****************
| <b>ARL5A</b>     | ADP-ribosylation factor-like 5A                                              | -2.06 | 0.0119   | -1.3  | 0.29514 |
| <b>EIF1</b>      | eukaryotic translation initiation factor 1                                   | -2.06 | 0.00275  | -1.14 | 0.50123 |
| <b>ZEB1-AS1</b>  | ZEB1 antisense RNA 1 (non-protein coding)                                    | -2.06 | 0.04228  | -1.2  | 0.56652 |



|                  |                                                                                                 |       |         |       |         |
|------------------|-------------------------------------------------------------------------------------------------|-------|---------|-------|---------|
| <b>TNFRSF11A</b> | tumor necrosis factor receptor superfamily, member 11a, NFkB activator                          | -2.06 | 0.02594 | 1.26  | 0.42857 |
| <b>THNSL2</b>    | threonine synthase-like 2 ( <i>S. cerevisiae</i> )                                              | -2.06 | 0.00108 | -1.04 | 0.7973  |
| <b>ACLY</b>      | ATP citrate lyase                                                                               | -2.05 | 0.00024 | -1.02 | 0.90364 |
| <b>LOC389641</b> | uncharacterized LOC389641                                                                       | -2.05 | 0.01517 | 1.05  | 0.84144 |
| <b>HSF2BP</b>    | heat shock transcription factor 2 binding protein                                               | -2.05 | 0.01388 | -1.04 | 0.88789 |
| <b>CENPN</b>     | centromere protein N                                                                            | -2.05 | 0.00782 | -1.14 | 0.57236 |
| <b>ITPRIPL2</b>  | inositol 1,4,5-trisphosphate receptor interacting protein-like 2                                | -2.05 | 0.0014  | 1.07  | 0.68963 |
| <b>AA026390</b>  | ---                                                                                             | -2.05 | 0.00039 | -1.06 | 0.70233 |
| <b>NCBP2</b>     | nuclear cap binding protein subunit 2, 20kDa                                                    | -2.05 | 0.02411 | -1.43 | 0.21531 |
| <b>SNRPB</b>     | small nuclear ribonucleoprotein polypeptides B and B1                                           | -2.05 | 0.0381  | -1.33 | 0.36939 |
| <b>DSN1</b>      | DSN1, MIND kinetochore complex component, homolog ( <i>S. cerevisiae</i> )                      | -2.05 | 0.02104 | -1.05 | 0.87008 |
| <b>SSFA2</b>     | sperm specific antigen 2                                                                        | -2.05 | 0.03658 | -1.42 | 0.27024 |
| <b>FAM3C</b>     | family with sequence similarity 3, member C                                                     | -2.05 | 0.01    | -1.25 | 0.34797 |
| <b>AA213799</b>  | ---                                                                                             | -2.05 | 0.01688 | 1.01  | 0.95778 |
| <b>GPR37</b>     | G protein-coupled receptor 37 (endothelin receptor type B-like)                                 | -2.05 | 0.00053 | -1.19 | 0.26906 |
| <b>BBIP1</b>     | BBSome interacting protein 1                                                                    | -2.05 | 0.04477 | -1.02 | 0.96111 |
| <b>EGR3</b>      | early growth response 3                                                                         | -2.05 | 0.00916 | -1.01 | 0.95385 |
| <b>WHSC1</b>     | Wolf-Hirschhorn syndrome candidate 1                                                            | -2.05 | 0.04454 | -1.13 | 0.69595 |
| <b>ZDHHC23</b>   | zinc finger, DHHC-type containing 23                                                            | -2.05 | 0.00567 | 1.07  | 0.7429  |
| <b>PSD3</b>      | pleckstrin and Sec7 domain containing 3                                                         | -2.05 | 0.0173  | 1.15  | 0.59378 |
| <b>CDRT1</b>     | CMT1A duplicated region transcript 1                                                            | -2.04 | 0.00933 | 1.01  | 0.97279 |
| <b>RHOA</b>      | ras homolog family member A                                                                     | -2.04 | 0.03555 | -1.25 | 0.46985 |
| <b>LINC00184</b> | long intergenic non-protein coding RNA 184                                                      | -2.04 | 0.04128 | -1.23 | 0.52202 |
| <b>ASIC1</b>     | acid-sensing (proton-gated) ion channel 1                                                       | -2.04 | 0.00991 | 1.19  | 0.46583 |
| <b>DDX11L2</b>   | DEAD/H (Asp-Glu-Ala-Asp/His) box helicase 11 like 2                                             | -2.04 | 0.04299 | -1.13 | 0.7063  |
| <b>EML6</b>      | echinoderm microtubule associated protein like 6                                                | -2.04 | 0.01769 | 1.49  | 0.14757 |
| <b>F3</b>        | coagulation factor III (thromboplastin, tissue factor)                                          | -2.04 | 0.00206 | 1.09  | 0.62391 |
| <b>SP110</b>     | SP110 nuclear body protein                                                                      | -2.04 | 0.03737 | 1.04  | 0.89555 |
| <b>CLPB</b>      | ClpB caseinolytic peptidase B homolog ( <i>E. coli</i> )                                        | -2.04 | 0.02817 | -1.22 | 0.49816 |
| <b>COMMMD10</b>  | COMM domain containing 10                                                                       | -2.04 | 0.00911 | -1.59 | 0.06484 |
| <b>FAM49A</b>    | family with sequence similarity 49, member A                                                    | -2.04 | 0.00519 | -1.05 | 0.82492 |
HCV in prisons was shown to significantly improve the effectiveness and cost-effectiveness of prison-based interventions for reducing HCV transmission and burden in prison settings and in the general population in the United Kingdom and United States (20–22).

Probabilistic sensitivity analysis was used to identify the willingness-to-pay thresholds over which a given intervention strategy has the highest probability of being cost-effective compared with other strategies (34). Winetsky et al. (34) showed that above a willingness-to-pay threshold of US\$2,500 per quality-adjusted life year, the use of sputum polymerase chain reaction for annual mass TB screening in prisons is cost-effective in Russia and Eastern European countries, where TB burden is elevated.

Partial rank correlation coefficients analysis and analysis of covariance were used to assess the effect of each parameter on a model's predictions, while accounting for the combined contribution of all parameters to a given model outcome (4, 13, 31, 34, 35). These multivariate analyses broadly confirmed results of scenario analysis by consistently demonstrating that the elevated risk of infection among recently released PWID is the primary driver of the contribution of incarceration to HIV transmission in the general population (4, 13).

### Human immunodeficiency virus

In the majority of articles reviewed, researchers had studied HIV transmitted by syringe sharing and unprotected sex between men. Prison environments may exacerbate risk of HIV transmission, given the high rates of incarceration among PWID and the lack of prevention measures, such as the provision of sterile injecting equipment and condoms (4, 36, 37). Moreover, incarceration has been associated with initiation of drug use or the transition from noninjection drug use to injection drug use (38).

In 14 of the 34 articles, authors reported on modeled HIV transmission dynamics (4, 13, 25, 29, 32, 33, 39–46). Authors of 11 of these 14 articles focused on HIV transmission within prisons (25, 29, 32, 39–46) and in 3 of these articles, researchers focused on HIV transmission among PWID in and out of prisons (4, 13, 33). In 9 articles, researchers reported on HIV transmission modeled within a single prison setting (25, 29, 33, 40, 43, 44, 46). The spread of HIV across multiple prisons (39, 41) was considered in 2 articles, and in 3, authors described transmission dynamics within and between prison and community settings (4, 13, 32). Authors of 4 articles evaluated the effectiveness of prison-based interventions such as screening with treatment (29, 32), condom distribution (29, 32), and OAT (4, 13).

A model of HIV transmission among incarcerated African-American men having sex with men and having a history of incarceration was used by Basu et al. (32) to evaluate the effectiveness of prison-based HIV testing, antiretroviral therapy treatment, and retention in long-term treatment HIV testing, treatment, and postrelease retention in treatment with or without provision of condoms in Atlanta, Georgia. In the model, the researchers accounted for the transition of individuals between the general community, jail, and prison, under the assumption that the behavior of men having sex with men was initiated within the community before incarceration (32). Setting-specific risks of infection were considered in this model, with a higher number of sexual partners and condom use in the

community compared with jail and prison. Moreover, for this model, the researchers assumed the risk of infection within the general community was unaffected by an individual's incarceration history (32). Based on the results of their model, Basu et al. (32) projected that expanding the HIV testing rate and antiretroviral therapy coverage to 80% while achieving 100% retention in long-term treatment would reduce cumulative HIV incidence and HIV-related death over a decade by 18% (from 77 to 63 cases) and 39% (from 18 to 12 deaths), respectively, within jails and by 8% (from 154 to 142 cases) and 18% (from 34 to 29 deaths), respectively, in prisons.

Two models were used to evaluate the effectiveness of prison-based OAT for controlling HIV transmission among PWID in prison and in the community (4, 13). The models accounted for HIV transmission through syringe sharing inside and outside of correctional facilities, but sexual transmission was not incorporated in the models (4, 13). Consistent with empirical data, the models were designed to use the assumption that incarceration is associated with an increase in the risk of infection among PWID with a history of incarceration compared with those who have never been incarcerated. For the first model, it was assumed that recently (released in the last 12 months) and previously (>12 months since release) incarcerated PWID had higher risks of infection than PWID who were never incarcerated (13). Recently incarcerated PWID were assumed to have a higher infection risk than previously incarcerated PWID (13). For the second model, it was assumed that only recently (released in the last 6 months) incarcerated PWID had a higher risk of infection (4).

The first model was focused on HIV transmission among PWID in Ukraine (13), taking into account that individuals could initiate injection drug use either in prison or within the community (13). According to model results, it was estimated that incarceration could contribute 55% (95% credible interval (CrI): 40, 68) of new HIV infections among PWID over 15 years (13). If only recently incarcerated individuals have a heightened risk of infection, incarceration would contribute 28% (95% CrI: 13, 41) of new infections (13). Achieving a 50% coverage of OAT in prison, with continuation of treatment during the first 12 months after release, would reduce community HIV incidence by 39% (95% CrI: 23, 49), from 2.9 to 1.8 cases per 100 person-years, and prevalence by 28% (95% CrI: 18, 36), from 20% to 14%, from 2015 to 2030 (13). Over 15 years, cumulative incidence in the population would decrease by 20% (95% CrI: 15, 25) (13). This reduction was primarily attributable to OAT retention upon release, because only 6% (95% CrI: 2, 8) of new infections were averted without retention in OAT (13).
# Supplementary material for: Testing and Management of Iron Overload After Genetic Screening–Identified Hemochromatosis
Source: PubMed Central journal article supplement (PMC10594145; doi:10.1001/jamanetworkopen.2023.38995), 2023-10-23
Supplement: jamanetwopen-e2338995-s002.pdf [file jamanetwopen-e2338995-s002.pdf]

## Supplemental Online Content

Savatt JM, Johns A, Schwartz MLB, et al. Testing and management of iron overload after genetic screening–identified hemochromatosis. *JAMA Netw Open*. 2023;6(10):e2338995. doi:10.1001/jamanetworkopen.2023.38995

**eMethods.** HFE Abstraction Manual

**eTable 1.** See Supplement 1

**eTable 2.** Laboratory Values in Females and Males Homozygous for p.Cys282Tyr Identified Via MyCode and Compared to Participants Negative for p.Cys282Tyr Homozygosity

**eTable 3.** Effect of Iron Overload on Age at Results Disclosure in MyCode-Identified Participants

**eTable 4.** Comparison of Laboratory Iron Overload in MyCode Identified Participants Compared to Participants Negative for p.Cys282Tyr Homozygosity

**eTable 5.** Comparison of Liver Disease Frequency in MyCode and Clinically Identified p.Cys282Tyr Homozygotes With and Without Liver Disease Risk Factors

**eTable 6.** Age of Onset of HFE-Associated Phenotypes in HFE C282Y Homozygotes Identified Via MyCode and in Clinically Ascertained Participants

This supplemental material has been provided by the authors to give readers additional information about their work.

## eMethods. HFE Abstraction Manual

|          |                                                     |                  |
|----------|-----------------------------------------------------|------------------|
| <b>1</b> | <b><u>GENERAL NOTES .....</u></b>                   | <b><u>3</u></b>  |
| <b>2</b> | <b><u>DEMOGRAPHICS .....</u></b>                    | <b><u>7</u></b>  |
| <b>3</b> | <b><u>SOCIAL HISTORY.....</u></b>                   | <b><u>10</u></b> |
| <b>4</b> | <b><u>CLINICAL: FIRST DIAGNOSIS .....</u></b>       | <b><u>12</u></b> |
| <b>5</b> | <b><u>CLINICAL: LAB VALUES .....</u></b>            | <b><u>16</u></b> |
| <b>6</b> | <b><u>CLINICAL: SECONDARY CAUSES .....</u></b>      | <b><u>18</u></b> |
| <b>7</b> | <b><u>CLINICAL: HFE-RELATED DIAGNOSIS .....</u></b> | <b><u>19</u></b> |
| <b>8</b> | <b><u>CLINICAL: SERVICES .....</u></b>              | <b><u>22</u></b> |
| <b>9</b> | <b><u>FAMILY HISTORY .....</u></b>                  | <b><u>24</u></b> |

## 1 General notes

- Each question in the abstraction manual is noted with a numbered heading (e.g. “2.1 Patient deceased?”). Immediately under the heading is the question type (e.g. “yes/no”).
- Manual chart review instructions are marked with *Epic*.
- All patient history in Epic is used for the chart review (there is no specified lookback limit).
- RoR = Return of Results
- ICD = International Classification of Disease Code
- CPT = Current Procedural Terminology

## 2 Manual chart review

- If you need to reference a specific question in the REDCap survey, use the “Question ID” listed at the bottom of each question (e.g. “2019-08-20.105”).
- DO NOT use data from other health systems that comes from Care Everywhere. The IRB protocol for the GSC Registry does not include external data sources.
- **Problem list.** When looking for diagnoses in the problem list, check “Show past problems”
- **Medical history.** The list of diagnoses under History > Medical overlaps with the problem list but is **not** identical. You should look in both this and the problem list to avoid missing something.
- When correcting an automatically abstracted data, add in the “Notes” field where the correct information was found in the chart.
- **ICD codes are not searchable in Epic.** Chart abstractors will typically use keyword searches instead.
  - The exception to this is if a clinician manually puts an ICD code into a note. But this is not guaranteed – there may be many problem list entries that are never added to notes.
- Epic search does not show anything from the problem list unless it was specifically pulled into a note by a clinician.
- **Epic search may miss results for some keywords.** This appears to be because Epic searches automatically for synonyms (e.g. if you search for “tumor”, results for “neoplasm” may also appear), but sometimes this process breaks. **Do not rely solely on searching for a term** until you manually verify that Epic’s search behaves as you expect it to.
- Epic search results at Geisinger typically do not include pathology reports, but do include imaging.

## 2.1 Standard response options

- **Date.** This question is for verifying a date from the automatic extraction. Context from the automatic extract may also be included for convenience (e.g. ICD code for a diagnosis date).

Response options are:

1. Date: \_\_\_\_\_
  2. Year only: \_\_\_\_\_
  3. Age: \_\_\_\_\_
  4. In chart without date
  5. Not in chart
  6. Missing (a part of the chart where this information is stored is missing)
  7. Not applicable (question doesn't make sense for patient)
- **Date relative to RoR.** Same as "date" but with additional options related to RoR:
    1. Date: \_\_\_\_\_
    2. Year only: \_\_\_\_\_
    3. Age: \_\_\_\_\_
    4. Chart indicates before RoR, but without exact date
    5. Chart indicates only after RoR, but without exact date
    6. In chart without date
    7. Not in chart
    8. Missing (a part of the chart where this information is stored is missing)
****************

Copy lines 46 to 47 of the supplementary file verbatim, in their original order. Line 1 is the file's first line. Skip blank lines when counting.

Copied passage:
The first model was focused on HIV transmission among PWID in Ukraine (13), taking into account that individuals could initiate injection drug use either in prison or within the community (13). According to model results, it was estimated that incarceration could contribute 55% (95% credible interval (CrI): 40, 68) of new HIV infections among PWID over 15 years (13). If only recently incarcerated individuals have a heightened risk of infection, incarceration would contribute 28% (95% CrI: 13, 41) of new infections (13). Achieving a 50% coverage of OAT in prison, with continuation of treatment during the first 12 months after release, would reduce community HIV incidence by 39% (95% CrI: 23, 49), from 2.9 to 1.8 cases per 100 person-years, and prevalence by 28% (95% CrI: 18, 36), from 20% to 14%, from 2015 to 2030 (13). Over 15 years, cumulative incidence in the population would decrease by 20% (95% CrI: 15, 25) (13). This reduction was primarily attributable to OAT retention upon release, because only 6% (95% CrI: 2, 8) of new infections were averted without retention in OAT (13).
# Supplementary material for: Testing and Management of Iron Overload After Genetic Screening–Identified Hemochromatosis